In the latest episode of Tata Steel’s “SteelCast” podcast about decarbonising the steel industry, Professor Jon Gibbins, Centre Director of the UK CCS Research Community Network Plus at The University of Sheffield warns that the clock is ticking for global action by governments and industries such as steel to put in place technologies that will deliver a net zero economy by 2050.
Jon said: “What the steel industry needs to face up to is the timescale – we’ve got 27 years to get to net zero globally (2050) to avoid dangerous warming and that’s a bit under 10,000 days.”
Tata Steel’s host Tim Rutter welcomed Jon to the pod to talk about the opportunity for energy intensive industries, such as steel, to utilise carbon capture and storage (CCS) as an alternative—even if as part of a transition—to technologies such as electric arc, scrap-based steelmaking.
In the podcast, Jon argued that the principle of capturing carbon emissions from industry, and sequestering (burying) them deep in disused offshore oil and gas fields, is not only feasible but desirable, adding, “You want to keep CO2 out of use for at least 10,000 years.”
While the earliest the UK can expect to see an active carbon capture and storage facility is 2027, Jon sees existing ore-based steelmaking assets having an end-of life far beyond this date, in the UK and particularly globally.
Many industry experts say there is value in re-using carbon-rich emissions for commercial uses such as aviation fuel or acetic acid, but Jon is less convinced: “Turning carbon into a fuel only to be released later will not get us to net zero,” he said. “It would be nice to be able to reuse (all the carbon) but the quantities are so huge. and natural processes to permanently remove the CO2 are about 100 times too slow to avoid dangerous climate change. All the CO2 that we put in the atmosphere now, will have to be taken out in the future by other people.”
While some steelmaking sites are located close to existing oil fields and could benefit from a direct pipeline into the sea, others such as Tata Steel’s Port Talbot works would have to ship the CO2. This, said Jon, is not such a bad thing: “Single pipelines could be down for maintenance whereas with shipping you can go to multiple destinations.”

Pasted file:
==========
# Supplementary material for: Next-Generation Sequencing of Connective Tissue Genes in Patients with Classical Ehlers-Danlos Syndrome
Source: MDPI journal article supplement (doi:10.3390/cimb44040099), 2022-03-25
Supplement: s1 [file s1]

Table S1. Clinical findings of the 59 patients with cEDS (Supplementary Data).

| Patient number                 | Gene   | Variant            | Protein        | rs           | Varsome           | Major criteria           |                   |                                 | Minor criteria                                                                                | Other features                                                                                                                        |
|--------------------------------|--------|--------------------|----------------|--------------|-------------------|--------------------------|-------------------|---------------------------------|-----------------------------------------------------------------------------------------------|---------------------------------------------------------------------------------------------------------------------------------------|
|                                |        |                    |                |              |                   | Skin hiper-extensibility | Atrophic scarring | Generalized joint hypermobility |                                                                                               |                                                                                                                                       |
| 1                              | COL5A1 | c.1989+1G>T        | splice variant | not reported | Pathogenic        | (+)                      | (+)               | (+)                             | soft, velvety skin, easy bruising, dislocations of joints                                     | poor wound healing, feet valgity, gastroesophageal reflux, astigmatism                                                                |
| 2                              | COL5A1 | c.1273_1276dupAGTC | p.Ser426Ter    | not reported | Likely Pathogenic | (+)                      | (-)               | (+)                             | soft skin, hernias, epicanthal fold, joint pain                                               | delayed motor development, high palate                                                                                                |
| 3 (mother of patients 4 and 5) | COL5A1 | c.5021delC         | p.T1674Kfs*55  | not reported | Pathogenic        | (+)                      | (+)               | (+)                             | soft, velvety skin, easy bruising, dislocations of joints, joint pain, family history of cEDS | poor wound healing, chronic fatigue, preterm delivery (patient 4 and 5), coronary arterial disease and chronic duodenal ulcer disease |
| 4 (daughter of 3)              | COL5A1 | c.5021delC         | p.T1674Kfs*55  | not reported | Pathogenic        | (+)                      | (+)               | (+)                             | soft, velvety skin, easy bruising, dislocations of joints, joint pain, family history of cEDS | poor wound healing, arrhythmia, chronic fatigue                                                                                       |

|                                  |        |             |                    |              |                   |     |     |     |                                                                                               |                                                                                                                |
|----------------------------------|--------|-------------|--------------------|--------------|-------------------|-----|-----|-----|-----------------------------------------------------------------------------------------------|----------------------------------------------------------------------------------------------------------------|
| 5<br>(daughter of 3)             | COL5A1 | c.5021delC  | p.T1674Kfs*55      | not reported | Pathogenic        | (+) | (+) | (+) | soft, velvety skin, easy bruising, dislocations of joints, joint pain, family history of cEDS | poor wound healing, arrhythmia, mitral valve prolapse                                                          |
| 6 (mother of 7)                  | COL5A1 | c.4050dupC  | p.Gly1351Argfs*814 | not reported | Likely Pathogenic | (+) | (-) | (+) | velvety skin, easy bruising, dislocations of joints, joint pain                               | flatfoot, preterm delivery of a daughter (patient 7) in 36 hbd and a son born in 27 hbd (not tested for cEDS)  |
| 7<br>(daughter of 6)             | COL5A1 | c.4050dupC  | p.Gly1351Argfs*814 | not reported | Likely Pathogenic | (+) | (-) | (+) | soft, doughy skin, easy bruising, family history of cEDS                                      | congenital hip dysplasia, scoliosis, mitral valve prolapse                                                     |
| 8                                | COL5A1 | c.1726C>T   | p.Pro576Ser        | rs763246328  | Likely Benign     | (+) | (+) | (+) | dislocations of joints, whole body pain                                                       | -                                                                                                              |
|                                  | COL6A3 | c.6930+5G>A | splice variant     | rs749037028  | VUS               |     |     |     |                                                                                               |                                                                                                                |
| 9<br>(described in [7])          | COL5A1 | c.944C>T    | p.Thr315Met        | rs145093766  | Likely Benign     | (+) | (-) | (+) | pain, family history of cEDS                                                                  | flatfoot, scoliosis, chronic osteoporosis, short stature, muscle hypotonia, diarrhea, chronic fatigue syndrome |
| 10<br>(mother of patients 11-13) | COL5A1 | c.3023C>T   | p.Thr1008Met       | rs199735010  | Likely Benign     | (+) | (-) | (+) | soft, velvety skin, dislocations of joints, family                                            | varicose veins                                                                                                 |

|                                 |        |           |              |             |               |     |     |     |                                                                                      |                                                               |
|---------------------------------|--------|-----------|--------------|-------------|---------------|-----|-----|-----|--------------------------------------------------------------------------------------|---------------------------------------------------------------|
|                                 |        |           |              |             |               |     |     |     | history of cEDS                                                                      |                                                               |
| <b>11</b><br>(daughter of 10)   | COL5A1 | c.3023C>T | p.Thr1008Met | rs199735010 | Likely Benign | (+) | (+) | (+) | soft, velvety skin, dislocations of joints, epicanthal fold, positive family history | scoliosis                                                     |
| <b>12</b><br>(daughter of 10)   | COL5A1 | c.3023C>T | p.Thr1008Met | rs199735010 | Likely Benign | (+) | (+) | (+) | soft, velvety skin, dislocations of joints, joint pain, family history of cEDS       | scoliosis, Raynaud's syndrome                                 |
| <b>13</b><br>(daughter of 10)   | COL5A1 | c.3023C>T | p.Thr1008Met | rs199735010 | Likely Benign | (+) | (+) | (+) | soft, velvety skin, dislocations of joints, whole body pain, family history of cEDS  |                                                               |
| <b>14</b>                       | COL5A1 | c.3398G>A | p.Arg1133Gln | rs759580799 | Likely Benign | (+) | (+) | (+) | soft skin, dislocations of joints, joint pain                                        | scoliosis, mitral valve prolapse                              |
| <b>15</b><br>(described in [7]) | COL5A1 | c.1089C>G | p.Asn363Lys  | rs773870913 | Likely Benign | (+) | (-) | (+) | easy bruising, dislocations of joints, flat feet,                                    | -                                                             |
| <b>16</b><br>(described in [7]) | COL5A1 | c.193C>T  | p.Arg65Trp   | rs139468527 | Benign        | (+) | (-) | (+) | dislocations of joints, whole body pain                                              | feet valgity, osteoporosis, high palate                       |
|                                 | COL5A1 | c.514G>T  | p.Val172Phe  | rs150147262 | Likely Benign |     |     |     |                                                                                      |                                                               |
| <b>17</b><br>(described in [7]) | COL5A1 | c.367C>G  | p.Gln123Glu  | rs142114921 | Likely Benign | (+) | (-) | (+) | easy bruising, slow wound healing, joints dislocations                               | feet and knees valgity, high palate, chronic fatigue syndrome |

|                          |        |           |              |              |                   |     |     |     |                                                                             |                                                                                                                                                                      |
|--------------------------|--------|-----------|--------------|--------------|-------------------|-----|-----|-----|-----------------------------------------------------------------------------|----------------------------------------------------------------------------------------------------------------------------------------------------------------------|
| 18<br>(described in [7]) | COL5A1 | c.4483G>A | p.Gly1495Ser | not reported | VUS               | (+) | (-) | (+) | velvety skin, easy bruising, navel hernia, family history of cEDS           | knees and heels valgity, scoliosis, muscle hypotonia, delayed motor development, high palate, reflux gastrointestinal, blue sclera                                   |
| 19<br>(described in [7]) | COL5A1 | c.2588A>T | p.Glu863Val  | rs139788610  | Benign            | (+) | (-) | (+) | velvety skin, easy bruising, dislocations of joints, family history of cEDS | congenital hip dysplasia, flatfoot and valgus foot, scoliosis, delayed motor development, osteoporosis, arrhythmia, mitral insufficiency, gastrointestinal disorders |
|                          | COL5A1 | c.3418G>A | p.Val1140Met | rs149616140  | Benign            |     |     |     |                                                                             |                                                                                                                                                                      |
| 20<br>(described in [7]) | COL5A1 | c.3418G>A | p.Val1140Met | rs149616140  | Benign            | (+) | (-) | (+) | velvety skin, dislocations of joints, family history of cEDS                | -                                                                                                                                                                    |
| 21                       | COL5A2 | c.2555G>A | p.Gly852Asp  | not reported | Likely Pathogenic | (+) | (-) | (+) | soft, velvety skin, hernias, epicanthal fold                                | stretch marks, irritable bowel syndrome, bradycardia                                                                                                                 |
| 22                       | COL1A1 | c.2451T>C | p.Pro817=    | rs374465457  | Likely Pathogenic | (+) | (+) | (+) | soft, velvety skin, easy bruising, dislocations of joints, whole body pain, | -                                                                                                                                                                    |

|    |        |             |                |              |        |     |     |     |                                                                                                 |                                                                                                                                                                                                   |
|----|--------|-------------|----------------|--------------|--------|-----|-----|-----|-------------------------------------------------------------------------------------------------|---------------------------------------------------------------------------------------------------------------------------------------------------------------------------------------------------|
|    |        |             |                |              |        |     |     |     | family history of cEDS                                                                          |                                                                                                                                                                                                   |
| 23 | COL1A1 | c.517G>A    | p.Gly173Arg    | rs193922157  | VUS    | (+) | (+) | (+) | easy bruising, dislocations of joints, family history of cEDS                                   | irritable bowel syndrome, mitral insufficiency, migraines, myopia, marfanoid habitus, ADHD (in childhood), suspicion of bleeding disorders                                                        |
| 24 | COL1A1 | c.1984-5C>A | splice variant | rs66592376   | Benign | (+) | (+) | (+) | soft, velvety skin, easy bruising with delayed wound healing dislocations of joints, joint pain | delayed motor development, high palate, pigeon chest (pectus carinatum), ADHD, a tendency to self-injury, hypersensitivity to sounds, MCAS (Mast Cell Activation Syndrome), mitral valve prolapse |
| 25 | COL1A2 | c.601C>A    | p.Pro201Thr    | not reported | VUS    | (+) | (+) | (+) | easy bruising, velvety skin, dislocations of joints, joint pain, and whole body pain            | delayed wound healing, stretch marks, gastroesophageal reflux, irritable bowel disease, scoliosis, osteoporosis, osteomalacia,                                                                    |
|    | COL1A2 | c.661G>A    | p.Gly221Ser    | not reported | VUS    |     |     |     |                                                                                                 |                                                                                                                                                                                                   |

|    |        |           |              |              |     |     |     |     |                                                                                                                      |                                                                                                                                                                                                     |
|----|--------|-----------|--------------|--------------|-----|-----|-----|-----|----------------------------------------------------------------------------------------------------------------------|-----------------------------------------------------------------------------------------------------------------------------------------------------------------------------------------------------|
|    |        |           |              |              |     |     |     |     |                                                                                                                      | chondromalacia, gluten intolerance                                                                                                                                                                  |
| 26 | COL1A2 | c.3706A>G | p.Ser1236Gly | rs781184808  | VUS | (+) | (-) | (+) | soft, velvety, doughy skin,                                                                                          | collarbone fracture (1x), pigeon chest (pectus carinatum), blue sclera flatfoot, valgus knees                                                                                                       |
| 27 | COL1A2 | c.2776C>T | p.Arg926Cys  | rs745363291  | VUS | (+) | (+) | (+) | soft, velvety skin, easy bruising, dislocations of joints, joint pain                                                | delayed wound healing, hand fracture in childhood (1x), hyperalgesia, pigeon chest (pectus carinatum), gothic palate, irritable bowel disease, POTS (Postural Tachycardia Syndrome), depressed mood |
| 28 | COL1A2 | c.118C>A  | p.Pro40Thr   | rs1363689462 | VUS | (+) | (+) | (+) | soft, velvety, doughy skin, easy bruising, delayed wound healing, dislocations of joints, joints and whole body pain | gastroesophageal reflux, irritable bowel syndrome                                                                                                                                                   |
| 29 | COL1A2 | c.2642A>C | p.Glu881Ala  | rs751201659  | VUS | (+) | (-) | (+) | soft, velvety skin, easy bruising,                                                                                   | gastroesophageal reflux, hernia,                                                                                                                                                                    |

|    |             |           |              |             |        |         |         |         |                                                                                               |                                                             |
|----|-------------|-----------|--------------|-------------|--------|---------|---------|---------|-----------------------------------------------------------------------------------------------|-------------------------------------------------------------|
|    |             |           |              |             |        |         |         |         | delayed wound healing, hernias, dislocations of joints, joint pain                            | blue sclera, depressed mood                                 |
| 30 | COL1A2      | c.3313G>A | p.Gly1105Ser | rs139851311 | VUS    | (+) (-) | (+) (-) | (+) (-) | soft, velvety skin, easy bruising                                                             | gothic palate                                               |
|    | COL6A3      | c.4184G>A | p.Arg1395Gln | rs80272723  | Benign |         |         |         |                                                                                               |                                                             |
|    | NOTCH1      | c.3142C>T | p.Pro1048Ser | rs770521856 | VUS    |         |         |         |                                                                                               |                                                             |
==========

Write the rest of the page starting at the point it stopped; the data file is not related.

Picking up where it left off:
“The question is not ‘is Port Talbot expensive because you have to ship CO2?’ but ‘Is it more expensive than anywhere else that has to ship CO2?’ and the answer is no.”
He added: “How many steel plants globally don’t even have ship access or a CO2 pipeline – they’re in real trouble.”
The podcast discussion went on to talk about one of the alternative technologies for steelmakers: scrap-based electric arc steelmaking. And while Jon appreciated the value of the technology in massively reducing carbon emissions, he made the point that leading industrial countries such as the UK have a far wider responsibility to global climate change than simply solving their own problems.
“If we hit our targets by doing things that are perfectly obvious but things that the whole world can’t do, we’ve demonstrated nothing,” he said.
“We have to have a noticeable effect through demonstration. We have to do it in a way that encourages and enables other people to do the same.”
Host Tim Rutter added: “It was great to have Jon on the pod for a very lively debate. With over 20 episodes under our belt, the series has hosted steel experts, academics, politicians and green groups. We’re trying to open up the discussion around the challenges and opportunities of decarbonising the UK steel industry, with the people who know best.”